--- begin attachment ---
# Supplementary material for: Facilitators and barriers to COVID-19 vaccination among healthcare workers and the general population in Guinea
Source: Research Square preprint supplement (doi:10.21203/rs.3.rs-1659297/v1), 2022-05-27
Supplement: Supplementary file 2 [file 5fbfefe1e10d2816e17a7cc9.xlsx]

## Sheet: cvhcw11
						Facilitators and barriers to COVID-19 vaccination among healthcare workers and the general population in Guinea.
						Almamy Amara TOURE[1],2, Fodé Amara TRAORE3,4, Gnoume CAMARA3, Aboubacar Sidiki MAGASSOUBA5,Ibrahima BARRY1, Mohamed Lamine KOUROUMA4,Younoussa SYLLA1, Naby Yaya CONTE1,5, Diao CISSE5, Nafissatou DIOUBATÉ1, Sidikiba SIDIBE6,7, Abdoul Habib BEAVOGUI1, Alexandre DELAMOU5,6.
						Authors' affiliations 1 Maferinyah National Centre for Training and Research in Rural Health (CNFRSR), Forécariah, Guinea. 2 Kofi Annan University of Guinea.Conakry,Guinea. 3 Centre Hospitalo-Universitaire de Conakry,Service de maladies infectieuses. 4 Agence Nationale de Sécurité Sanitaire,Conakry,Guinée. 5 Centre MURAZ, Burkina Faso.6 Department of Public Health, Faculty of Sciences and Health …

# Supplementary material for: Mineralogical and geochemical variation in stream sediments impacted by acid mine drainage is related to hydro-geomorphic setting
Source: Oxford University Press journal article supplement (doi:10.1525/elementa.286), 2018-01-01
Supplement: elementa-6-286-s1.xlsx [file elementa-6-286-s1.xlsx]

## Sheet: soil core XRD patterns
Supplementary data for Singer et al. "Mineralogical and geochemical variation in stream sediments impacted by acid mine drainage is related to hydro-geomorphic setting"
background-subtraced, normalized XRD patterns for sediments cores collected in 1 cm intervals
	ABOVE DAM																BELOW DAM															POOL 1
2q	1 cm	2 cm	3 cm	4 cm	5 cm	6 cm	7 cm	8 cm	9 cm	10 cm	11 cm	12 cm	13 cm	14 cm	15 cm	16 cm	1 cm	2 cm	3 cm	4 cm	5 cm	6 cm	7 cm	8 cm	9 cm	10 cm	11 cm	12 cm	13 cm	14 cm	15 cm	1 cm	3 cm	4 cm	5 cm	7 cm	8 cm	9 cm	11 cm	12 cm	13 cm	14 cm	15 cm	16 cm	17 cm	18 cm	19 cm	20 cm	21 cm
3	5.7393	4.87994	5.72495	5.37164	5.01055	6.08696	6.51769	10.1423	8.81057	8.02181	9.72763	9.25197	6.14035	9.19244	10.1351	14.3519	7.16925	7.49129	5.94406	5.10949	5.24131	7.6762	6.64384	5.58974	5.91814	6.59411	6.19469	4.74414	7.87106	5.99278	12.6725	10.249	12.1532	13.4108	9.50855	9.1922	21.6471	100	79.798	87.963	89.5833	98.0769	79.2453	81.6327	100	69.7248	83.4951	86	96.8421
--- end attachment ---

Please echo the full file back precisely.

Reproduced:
# Supplementary material for: Facilitators and barriers to COVID-19 vaccination among healthcare workers and the general population in Guinea
Source: Research Square preprint supplement (doi:10.21203/rs.3.rs-1659297/v1), 2022-05-27
Supplement: Supplementary file 2 [file 5fbfefe1e10d2816e17a7cc9.xlsx]

## Sheet: cvhcw11
						Facilitators and barriers to COVID-19 vaccination among healthcare workers and the general population in Guinea.
						Almamy Amara TOURE[1],2, Fodé Amara TRAORE3,4, Gnoume CAMARA3, Aboubacar Sidiki MAGASSOUBA5,Ibrahima BARRY1, Mohamed Lamine KOUROUMA4,Younoussa SYLLA1, Naby Yaya CONTE1,5, Diao CISSE5, Nafissatou DIOUBATÉ1, Sidikiba SIDIBE6,7, Abdoul Habib BEAVOGUI1, Alexandre DELAMOU5,6.
						Authors' affiliations 1 Maferinyah National Centre for Training and Research in Rural Health (CNFRSR), Forécariah, Guinea. 2 Kofi Annan University of Guinea.Conakry,Guinea. 3 Centre Hospitalo-Universitaire de Conakry,Service de maladies infectieuses. 4 Agence Nationale de Sécurité Sanitaire,Conakry,Guinée. 5 Centre MURAZ, Burkina Faso.6 Department of Public Health, Faculty of Sciences and Health …

# Supplementary material for: Mineralogical and geochemical variation in stream sediments impacted by acid mine drainage is related to hydro-geomorphic setting
Source: Oxford University Press journal article supplement (doi:10.1525/elementa.286), 2018-01-01
Supplement: elementa-6-286-s1.xlsx [file elementa-6-286-s1.xlsx]

## Sheet: soil core XRD patterns
Supplementary data for Singer et al. "Mineralogical and geochemical variation in stream sediments impacted by acid mine drainage is related to hydro-geomorphic setting"
background-subtraced, normalized XRD patterns for sediments cores collected in 1 cm intervals
	ABOVE DAM																BELOW DAM															POOL 1
2q	1 cm	2 cm	3 cm	4 cm	5 cm	6 cm	7 cm	8 cm	9 cm	10 cm	11 cm	12 cm	13 cm	14 cm	15 cm	16 cm	1 cm	2 cm	3 cm	4 cm	5 cm	6 cm	7 cm	8 cm	9 cm	10 cm	11 cm	12 cm	13 cm	14 cm	15 cm	1 cm	3 cm	4 cm	5 cm	7 cm	8 cm	9 cm	11 cm	12 cm	13 cm	14 cm	15 cm	16 cm	17 cm	18 cm	19 cm	20 cm	21 cm
3	5.7393	4.87994	5.72495	5.37164	5.01055	6.08696	6.51769	10.1423	8.81057	8.02181	9.72763	9.25197	6.14035	9.19244	10.1351	14.3519	7.16925	7.49129	5.94406	5.10949	5.24131	7.6762	6.64384	5.58974	5.91814	6.59411	6.19469	4.74414	7.87106	5.99278	12.6725	10.249	12.1532	13.4108	9.50855	9.1922	21.6471	100	79.798	87.963	89.5833	98.0769	79.2453	81.6327	100	69.7248	83.4951	86	96.8421